The band takes a final bow and exits the stage. The lights come up and people begin streaming out of the auditorium. One performance ends but a multitude of others continues. The security guard continues to present a picture of authority, ensuring orderly behavior. A woman smiles as a man makes a show of opening the car door for her. And Jayden promises to call Dakota sometime next week.
This chapter has highlighted the many different kinds of performance that interest anthropologists. Under anthropology’s holistic approach, performance connects to topics from many earlier chapters, including rituals (Religion chapter) and gender (Gender and Sexuality chapter). As we have shown, explicit attention to various performance-based frameworks allows anthropologists to identify the learned and shared patterns of ideas and behaviors that constitute human experience and living. We started the chapter by noting that performance can be many things at once, making it important to so much of human cultural experiences. Cultural performances are the events that most readily fit the Western notion of a performance: clearly defined moments of heightened salience of some feature of a culture’s values or social structure. These performances call attention to issues that might otherwise go unnoticed by audience members and consequently can inspire or instigate action. Such performances also can preserve aspects of a culture or facilitate cultural revitalization. Performing culture, on the other hand, refers to the many diverse ways in which individuals both reflect and create cultural norms through daily activities, interactions, and behaviors. Culture does not, indeed cannot, exist simply as an abstract concept. Rather, it arises from the patterned flows of people’s lives—their ongoing performances.
Anthropologists who study performance are interested in many of the same topics as other anthropologists, including: gender, religion, rituals, social norms, and conflict. Performance provides an alternative perspective for exploring and understanding those issues. Rather than studying rituals from a structural-functional perspective, for example, anthropologists can focus on performance and thereby better identify and understand theatrical structure and how communities use performance to accomplish the work of rituals. In short, performance anthropologists are interested not only in the products of social life but in the processes underlying it.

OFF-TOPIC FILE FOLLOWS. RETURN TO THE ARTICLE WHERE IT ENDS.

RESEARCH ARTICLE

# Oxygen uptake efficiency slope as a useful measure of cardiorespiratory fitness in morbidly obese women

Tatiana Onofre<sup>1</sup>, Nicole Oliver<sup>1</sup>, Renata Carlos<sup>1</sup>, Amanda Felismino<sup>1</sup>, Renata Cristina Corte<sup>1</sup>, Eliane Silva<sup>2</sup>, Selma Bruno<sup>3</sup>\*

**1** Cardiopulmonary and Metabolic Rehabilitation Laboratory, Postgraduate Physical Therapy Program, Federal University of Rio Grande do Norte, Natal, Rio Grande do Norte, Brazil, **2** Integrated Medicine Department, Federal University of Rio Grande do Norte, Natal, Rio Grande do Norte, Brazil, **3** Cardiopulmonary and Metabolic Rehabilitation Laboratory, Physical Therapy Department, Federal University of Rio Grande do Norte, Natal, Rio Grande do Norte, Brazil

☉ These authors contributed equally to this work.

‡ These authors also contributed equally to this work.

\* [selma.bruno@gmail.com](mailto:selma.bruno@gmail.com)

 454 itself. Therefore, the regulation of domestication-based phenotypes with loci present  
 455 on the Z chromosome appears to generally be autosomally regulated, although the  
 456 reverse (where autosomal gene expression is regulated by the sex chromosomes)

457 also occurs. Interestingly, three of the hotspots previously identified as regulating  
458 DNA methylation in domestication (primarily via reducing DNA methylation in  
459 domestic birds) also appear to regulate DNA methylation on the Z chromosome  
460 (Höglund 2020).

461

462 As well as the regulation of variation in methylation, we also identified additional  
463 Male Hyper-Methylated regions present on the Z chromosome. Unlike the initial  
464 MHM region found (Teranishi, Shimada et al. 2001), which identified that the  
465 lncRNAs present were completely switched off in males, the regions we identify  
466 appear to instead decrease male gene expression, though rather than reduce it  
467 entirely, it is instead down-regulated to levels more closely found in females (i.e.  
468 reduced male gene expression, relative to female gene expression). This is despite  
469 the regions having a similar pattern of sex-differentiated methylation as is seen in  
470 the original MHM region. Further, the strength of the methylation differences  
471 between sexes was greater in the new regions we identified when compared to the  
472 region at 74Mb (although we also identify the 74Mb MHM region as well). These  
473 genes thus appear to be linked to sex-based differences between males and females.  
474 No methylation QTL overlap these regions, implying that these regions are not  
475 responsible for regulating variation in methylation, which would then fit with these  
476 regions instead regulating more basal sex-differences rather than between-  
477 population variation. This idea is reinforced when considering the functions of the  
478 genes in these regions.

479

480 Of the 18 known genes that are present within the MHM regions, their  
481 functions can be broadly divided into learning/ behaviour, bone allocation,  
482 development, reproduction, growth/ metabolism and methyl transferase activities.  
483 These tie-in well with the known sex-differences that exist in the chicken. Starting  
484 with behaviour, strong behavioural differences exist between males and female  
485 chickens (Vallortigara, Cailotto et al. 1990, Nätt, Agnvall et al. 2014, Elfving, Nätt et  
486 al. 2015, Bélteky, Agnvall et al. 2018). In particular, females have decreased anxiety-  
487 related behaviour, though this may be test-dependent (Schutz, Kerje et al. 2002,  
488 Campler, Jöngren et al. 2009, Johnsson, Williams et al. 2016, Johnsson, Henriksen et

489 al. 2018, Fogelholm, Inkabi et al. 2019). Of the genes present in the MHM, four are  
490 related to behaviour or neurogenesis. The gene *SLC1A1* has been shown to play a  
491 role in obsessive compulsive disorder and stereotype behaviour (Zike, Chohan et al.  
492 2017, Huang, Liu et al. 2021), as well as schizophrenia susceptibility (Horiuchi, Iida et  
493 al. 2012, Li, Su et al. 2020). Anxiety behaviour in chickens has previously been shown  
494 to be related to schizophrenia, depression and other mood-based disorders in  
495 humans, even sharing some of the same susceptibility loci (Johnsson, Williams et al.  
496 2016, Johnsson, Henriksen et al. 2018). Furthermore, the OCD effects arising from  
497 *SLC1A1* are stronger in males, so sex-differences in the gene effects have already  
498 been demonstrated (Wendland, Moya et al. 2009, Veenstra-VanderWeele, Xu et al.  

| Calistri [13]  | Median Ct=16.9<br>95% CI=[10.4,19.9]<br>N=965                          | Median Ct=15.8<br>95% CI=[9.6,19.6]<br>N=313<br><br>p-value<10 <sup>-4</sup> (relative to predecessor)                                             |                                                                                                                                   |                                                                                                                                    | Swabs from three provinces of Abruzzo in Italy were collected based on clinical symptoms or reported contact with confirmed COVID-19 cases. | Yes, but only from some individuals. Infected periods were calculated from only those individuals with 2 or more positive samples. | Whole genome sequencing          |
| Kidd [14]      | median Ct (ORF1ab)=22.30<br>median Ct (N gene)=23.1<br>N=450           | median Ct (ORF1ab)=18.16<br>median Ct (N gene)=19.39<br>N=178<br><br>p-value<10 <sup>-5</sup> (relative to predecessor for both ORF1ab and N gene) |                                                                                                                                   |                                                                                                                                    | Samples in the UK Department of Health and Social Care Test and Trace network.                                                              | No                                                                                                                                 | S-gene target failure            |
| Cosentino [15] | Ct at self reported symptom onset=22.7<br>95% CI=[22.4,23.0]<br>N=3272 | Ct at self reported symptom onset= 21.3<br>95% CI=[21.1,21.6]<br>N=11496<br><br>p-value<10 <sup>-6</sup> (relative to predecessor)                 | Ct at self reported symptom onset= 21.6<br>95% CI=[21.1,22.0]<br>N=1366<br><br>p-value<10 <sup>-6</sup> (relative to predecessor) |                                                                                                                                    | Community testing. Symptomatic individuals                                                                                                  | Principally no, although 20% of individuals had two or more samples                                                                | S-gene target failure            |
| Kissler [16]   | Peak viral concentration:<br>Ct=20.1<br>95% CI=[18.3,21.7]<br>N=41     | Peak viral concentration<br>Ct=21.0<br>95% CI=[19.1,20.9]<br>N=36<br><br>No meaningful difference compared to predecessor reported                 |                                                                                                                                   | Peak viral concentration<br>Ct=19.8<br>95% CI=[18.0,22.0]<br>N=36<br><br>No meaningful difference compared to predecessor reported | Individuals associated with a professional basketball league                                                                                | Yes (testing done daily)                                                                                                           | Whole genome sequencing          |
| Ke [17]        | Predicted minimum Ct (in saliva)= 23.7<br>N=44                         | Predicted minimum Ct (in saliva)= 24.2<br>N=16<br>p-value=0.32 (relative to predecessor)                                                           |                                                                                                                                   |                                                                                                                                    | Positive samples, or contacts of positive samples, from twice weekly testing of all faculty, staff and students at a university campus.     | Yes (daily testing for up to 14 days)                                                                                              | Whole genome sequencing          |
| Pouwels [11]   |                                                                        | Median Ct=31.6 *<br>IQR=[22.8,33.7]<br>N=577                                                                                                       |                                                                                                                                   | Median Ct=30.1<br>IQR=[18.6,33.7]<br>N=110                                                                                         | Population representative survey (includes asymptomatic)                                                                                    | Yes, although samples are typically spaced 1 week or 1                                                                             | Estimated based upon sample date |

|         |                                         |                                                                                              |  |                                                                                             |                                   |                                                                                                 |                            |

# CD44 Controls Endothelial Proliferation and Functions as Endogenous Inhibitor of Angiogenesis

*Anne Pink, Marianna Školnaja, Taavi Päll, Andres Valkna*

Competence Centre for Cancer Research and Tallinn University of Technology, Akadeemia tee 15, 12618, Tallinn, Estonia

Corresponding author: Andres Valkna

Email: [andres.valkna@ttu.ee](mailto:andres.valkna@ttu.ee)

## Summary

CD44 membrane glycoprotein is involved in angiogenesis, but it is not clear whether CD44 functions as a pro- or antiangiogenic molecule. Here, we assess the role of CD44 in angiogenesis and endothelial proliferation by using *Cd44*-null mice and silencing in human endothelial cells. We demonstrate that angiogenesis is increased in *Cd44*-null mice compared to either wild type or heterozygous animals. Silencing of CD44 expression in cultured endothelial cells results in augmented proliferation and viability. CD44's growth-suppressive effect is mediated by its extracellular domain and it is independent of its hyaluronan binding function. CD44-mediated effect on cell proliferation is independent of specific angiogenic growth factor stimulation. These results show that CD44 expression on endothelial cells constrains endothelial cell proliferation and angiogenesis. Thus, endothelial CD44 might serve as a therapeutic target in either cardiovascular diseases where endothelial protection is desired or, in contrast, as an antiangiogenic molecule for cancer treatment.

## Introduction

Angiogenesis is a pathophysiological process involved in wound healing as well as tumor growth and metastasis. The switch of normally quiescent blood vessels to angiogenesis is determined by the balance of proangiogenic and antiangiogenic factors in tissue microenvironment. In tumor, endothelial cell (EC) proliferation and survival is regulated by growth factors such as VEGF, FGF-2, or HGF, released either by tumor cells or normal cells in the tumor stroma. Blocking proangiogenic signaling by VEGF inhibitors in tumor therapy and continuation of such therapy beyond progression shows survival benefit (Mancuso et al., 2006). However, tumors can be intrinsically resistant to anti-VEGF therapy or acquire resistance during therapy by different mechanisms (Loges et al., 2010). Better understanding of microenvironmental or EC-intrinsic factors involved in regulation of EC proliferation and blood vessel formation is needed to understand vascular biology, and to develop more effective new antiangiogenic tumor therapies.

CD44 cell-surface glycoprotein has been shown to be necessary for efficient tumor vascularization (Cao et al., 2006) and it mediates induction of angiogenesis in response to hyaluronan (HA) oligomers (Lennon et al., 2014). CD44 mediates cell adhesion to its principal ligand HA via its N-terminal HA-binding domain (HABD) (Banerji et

(P.S. Good luck Jayden and Dakota!)
- What is the difference between studying something that is performance and studying something as a performance? Why is this distinction important?
- What is the role of performance in reflecting social order and values on the one hand and challenging these and leading to social change on the other? Provide examples of each.
- Explain the relationship between performance and cultural constructions of gender.
- How are descriptive and performative utterances different from each other, and what role to each play in verbal performance?
- What roles do performances play in everyday life, especially as these relate to hegemonic discourses?
Agency: An individual’s ability to make independent choices and act upon his/her will.
Community of practice: a group of people who engaged in a shared activity or vocation, such as dance or medicine.
Cultural Performance: A performance such as a concert or a play.